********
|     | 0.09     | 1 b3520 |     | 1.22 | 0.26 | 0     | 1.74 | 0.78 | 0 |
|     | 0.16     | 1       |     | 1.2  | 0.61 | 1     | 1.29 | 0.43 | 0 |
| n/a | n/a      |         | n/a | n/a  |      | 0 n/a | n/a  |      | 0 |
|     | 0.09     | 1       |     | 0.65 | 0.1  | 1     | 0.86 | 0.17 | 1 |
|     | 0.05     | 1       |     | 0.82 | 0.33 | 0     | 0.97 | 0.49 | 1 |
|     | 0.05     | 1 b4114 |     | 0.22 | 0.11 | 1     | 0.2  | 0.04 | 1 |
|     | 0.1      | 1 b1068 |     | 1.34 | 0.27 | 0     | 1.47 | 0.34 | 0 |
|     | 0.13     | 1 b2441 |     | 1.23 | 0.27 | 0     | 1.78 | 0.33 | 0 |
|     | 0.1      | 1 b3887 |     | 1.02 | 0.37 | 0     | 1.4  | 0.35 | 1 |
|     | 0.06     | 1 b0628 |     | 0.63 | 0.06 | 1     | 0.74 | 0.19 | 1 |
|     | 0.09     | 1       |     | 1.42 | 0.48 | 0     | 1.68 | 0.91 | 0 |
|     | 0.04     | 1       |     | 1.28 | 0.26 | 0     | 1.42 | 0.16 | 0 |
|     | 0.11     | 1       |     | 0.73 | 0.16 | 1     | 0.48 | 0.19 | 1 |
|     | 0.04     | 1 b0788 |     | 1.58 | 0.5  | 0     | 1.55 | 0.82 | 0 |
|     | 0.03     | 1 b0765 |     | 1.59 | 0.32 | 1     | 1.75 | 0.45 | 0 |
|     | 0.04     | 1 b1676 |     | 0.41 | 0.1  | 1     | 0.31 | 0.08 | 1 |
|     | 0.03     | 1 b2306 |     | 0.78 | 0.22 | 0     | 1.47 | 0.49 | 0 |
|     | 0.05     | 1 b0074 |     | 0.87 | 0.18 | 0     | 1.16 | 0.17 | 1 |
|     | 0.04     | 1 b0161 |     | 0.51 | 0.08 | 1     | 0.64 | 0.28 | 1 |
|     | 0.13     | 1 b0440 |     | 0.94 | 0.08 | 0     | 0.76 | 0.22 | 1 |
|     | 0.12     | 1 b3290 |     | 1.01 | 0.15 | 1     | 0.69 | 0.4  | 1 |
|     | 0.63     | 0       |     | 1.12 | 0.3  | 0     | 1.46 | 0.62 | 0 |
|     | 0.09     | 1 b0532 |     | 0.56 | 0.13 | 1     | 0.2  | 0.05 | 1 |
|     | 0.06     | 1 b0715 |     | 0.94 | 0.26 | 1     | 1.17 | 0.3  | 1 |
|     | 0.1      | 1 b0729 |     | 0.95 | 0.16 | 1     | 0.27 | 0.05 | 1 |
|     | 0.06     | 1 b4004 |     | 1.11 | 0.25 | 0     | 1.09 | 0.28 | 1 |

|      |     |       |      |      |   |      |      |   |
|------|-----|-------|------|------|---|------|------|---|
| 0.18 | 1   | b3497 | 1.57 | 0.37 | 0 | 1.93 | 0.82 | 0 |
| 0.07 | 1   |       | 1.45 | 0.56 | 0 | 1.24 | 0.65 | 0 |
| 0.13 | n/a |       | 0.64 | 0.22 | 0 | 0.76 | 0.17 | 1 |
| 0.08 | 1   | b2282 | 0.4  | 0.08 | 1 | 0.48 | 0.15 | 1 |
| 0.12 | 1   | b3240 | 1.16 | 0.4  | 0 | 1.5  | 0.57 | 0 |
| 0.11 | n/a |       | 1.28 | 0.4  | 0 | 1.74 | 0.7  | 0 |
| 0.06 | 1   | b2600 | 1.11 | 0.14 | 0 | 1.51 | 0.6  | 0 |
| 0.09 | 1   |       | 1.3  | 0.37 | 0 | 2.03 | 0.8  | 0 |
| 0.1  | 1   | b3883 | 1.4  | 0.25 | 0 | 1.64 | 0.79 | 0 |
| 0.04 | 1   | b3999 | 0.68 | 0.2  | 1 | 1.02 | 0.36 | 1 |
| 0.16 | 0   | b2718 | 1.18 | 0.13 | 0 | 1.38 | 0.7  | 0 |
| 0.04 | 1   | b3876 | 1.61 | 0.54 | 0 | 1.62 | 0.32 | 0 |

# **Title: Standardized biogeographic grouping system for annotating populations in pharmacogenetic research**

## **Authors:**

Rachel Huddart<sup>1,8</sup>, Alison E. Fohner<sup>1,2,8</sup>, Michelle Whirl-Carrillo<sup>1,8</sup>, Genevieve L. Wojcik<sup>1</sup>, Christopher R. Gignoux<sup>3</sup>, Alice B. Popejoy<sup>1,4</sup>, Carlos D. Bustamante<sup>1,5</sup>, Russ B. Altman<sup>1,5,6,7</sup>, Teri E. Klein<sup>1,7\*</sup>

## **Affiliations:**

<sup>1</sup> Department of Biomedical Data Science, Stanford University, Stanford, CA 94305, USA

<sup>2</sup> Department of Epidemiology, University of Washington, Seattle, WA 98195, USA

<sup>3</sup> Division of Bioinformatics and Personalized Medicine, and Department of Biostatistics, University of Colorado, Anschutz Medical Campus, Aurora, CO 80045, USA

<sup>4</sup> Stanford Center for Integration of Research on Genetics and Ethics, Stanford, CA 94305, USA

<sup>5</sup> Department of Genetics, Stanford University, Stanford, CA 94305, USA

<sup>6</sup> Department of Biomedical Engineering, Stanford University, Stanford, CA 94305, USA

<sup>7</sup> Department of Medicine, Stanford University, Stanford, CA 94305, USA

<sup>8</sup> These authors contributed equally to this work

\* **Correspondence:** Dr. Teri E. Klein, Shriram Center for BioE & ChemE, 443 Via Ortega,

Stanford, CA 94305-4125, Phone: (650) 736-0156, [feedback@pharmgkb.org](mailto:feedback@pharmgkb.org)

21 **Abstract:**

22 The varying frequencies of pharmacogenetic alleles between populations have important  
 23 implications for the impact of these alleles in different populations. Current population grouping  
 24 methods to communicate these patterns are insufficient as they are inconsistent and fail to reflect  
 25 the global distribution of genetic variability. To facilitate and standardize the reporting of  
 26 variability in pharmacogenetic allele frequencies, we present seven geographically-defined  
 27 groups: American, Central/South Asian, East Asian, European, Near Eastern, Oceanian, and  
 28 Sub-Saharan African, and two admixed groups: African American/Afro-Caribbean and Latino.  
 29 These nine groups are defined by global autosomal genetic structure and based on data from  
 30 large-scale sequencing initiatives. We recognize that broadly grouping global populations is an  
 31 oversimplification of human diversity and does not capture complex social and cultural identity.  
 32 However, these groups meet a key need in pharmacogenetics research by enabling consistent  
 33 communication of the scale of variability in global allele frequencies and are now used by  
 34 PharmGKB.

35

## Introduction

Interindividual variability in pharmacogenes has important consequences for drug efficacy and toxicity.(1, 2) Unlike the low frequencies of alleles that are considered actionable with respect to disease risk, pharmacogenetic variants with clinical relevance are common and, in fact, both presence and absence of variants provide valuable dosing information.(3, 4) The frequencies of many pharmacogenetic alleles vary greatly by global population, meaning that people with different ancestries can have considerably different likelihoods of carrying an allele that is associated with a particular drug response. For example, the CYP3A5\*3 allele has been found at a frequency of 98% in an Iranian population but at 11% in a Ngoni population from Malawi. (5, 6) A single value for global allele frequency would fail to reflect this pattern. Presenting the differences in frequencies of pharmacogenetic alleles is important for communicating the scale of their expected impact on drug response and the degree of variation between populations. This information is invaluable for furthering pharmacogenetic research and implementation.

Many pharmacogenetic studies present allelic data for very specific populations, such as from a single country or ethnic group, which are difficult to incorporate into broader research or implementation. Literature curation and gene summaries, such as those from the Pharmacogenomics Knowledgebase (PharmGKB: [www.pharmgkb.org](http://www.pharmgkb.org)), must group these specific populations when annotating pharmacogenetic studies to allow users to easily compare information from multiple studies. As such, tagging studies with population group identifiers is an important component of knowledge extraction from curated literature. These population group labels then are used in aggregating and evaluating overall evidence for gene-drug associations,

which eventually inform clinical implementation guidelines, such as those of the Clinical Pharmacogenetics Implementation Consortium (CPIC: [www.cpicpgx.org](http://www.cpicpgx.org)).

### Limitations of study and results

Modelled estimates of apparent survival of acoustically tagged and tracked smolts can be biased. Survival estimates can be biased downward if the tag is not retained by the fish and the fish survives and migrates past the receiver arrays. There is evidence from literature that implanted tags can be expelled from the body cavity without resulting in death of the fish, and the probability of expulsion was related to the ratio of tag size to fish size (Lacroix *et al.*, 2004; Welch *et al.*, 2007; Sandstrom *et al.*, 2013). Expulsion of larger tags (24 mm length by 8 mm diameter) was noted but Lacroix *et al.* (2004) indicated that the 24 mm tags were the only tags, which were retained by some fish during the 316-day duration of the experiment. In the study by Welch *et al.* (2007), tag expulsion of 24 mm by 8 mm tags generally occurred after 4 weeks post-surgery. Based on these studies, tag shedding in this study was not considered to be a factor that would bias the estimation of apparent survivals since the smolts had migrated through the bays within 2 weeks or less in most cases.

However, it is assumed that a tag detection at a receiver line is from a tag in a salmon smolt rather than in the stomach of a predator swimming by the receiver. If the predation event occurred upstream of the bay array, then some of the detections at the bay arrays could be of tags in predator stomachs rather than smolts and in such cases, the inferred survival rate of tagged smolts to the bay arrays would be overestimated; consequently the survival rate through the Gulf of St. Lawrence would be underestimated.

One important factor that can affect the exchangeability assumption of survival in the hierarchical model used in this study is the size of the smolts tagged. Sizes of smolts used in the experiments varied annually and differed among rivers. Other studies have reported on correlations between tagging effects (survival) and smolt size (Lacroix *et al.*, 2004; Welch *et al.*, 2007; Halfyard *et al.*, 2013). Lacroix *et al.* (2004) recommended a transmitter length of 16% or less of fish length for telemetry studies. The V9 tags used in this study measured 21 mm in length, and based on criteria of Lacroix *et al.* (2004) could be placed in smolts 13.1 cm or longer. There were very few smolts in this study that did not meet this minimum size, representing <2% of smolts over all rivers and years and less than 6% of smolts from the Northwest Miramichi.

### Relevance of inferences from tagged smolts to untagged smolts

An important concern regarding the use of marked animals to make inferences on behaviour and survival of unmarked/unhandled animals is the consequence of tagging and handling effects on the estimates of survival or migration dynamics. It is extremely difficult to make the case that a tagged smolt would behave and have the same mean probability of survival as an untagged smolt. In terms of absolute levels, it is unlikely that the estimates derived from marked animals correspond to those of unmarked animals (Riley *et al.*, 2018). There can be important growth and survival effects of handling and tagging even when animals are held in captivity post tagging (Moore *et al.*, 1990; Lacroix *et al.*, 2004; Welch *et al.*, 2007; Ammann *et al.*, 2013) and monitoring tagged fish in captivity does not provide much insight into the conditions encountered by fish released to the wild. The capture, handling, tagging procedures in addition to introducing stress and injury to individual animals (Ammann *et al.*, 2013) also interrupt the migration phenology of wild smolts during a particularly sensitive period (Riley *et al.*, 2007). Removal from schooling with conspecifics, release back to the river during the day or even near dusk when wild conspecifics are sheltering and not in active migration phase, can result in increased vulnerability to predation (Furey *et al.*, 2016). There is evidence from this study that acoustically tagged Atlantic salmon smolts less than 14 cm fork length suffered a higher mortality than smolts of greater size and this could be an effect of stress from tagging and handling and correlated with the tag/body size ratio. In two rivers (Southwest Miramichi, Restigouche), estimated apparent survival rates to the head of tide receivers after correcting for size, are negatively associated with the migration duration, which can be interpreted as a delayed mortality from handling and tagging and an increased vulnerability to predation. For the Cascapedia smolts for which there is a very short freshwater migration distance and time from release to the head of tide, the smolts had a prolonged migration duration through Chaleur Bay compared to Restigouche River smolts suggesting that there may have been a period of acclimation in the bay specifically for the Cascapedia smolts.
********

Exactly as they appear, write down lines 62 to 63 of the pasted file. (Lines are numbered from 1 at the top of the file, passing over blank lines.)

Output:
 28 Sub-Saharan African, and two admixed groups: African American/Afro-Caribbean and Latino.  
 29 These nine groups are defined by global autosomal genetic structure and based on data from  